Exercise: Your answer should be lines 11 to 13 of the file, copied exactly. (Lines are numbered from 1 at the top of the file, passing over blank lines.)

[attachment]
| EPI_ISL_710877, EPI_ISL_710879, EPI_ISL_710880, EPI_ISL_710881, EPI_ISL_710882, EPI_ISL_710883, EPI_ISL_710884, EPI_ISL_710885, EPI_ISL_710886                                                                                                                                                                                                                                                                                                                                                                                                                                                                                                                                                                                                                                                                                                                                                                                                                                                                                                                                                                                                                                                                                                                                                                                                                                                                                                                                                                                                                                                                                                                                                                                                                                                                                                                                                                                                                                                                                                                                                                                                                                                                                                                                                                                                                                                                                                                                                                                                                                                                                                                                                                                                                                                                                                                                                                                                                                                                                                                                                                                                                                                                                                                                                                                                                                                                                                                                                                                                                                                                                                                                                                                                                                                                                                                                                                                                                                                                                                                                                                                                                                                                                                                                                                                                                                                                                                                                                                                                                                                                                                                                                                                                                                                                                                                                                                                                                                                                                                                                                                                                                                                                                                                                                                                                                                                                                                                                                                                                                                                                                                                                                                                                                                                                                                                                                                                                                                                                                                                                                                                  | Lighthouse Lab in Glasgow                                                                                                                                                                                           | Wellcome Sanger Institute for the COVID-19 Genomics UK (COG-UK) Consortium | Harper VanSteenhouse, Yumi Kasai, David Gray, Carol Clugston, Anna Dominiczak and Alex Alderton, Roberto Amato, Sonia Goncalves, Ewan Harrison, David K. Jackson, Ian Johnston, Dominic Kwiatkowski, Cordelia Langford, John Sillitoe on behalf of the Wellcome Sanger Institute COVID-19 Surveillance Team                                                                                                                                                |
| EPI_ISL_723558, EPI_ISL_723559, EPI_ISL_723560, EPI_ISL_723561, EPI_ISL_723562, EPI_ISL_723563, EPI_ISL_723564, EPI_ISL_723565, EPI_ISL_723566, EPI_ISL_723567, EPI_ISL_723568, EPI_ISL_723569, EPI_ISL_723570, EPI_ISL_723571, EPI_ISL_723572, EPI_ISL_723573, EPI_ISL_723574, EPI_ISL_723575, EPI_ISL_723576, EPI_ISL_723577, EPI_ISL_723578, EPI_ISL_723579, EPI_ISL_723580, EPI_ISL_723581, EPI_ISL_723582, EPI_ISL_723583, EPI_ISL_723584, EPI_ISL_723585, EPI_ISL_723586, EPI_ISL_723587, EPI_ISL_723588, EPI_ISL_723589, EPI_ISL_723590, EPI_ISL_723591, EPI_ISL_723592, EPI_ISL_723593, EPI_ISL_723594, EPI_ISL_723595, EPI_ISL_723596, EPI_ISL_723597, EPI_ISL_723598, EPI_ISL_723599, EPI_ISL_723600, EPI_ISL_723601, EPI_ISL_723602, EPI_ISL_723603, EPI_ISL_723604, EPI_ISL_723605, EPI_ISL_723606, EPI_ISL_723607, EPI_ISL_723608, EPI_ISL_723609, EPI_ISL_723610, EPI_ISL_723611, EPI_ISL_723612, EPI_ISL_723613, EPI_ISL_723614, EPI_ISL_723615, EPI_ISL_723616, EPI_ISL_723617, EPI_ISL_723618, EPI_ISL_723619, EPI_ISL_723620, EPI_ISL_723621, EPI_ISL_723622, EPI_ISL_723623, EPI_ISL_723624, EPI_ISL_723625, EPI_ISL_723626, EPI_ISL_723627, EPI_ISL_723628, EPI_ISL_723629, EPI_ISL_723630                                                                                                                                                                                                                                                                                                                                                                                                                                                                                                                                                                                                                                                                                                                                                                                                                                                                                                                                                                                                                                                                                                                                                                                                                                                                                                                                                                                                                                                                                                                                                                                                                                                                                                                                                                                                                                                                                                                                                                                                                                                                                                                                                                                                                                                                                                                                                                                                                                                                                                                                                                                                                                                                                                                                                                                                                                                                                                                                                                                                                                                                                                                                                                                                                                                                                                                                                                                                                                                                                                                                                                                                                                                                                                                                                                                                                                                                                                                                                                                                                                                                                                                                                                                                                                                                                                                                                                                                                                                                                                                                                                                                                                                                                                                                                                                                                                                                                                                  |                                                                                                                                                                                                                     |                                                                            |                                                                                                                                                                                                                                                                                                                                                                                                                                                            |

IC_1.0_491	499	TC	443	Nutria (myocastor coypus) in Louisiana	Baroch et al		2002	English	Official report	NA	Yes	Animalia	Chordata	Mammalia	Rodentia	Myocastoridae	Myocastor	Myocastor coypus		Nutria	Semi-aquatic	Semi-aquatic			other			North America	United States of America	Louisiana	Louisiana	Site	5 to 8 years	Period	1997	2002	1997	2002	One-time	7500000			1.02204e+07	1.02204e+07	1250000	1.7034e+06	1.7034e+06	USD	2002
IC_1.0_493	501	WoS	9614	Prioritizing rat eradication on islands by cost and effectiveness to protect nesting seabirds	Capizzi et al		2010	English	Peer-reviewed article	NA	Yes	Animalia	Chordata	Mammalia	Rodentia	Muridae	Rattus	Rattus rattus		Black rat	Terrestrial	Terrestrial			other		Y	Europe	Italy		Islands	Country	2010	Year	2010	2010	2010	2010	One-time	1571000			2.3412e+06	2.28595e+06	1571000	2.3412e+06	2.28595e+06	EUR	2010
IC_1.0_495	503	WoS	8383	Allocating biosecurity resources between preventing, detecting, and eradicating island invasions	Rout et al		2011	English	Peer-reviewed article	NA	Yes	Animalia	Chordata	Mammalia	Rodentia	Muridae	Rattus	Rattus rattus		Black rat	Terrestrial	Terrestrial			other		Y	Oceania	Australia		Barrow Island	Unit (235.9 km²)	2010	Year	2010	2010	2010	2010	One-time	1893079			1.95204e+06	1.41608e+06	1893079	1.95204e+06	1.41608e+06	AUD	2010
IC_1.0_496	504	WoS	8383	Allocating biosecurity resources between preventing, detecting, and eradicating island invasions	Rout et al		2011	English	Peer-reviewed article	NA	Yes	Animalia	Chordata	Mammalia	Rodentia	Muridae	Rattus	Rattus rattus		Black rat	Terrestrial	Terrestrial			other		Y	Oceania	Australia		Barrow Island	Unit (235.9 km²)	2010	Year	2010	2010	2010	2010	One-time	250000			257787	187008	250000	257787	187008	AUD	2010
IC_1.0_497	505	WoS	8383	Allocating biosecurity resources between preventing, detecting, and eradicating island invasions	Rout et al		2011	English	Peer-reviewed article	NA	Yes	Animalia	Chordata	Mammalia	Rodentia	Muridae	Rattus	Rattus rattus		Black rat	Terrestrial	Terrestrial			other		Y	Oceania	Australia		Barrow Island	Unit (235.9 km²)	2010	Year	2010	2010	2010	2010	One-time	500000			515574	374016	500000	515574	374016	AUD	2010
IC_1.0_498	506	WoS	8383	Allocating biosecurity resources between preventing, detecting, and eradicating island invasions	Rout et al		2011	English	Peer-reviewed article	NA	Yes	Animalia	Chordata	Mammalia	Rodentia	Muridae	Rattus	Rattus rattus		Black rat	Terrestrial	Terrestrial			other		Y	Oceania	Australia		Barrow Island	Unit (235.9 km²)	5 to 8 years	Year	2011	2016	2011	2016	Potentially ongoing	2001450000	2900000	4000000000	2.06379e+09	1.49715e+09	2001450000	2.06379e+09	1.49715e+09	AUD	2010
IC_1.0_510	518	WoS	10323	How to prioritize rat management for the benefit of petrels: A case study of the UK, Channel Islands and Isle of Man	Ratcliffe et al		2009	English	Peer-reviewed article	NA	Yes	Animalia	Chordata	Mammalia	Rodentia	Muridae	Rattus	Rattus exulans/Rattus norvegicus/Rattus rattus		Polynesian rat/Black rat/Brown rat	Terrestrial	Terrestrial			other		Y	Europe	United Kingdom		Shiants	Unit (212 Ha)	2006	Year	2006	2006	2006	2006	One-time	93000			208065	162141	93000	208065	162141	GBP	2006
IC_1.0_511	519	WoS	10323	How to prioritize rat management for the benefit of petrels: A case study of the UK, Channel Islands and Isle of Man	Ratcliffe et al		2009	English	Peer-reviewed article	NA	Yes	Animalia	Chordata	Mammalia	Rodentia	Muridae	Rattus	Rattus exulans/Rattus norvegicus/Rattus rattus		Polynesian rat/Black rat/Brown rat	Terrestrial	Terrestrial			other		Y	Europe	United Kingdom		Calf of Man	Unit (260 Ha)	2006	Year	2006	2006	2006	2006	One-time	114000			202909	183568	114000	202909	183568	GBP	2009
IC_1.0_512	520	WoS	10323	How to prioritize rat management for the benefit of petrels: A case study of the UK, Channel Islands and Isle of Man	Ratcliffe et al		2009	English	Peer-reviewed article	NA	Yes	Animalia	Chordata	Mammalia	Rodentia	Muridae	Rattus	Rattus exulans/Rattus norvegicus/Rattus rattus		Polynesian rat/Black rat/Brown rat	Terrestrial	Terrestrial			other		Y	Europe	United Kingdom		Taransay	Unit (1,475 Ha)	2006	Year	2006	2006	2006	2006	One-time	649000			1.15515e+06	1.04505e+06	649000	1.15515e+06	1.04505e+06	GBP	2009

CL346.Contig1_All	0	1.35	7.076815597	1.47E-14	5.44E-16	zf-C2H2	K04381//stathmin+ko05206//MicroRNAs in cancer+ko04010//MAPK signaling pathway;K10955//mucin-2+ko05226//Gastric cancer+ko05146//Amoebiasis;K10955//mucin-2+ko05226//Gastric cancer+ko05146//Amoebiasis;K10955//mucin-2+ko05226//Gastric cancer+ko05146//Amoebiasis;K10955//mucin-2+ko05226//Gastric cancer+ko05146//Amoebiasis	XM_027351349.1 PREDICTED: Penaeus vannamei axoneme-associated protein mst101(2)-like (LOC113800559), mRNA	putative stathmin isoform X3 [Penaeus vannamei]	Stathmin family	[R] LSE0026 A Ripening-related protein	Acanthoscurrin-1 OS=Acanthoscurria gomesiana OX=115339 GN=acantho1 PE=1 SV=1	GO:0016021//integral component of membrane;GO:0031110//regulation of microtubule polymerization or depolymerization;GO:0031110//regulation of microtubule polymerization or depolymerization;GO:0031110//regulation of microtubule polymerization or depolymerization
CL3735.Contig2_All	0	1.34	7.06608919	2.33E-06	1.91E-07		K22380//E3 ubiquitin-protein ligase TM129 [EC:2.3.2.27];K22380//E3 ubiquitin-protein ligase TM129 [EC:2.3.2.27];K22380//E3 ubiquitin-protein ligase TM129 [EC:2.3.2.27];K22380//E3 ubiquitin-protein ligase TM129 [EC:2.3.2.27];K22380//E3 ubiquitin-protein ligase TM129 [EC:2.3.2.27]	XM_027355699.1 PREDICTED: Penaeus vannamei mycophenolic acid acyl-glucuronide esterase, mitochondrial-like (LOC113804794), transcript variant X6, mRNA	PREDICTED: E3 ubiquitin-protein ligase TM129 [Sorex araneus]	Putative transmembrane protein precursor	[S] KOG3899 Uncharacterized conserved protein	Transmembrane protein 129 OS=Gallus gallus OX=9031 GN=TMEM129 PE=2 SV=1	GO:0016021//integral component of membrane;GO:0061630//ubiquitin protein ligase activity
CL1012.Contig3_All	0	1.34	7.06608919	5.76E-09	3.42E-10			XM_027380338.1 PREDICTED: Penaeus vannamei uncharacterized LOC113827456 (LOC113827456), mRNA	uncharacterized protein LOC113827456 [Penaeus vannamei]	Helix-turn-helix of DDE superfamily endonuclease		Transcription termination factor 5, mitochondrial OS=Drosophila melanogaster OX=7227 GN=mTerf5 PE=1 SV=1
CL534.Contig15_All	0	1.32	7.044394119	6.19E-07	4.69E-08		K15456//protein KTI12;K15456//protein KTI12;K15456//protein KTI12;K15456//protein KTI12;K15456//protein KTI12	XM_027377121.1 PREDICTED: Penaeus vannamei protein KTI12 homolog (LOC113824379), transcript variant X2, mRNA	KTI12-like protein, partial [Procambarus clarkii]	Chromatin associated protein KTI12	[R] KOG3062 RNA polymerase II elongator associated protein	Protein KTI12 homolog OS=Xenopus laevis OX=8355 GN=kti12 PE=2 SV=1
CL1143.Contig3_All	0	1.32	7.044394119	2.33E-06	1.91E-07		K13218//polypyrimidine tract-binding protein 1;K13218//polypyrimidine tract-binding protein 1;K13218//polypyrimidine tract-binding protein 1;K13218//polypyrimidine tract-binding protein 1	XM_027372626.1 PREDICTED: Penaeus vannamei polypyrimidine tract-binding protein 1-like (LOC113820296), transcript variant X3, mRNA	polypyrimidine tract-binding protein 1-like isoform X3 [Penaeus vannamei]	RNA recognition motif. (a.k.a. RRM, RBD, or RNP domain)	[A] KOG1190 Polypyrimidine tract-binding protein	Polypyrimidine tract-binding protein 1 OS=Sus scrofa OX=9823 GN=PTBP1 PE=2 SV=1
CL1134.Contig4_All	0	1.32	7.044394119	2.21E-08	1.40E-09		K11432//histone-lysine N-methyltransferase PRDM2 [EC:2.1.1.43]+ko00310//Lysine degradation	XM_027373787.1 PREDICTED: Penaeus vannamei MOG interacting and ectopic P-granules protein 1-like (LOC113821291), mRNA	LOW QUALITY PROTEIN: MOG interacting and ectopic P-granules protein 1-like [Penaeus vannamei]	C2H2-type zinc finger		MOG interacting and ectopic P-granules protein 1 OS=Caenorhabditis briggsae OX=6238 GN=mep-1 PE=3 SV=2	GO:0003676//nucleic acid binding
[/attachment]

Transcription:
IC_1.0_512	520	WoS	10323	How to prioritize rat management for the benefit of petrels: A case study of the UK, Channel Islands and Isle of Man	Ratcliffe et al		2009	English	Peer-reviewed article	NA	Yes	Animalia	Chordata	Mammalia	Rodentia	Muridae	Rattus	Rattus exulans/Rattus norvegicus/Rattus rattus		Polynesian rat/Black rat/Brown rat	Terrestrial	Terrestrial			other		Y	Europe	United Kingdom		Taransay	Unit (1,475 Ha)	2006	Year	2006	2006	2006	2006	One-time	649000			1.15515e+06	1.04505e+06	649000	1.15515e+06	1.04505e+06	GBP	2009

CL346.Contig1_All	0	1.35	7.076815597	1.47E-14	5.44E-16	zf-C2H2	K04381//stathmin+ko05206//MicroRNAs in cancer+ko04010//MAPK signaling pathway;K10955//mucin-2+ko05226//Gastric cancer+ko05146//Amoebiasis;K10955//mucin-2+ko05226//Gastric cancer+ko05146//Amoebiasis;K10955//mucin-2+ko05226//Gastric cancer+ko05146//Amoebiasis;K10955//mucin-2+ko05226//Gastric cancer+ko05146//Amoebiasis	XM_027351349.1 PREDICTED: Penaeus vannamei axoneme-associated protein mst101(2)-like (LOC113800559), mRNA	putative stathmin isoform X3 [Penaeus vannamei]	Stathmin family	[R] LSE0026 A Ripening-related protein	Acanthoscurrin-1 OS=Acanthoscurria gomesiana OX=115339 GN=acantho1 PE=1 SV=1	GO:0016021//integral component of membrane;GO:0031110//regulation of microtubule polymerization or depolymerization;GO:0031110//regulation of microtubule polymerization or depolymerization;GO:0031110//regulation of microtubule polymerization or depolymerization
CL3735.Contig2_All	0	1.34	7.06608919	2.33E-06	1.91E-07		K22380//E3 ubiquitin-protein ligase TM129 [EC:2.3.2.27];K22380//E3 ubiquitin-protein ligase TM129 [EC:2.3.2.27];K22380//E3 ubiquitin-protein ligase TM129 [EC:2.3.2.27];K22380//E3 ubiquitin-protein ligase TM129 [EC:2.3.2.27];K22380//E3 ubiquitin-protein ligase TM129 [EC:2.3.2.27]	XM_027355699.1 PREDICTED: Penaeus vannamei mycophenolic acid acyl-glucuronide esterase, mitochondrial-like (LOC113804794), transcript variant X6, mRNA	PREDICTED: E3 ubiquitin-protein ligase TM129 [Sorex araneus]	Putative transmembrane protein precursor	[S] KOG3899 Uncharacterized conserved protein	Transmembrane protein 129 OS=Gallus gallus OX=9031 GN=TMEM129 PE=2 SV=1	GO:0016021//integral component of membrane;GO:0061630//ubiquitin protein ligase activity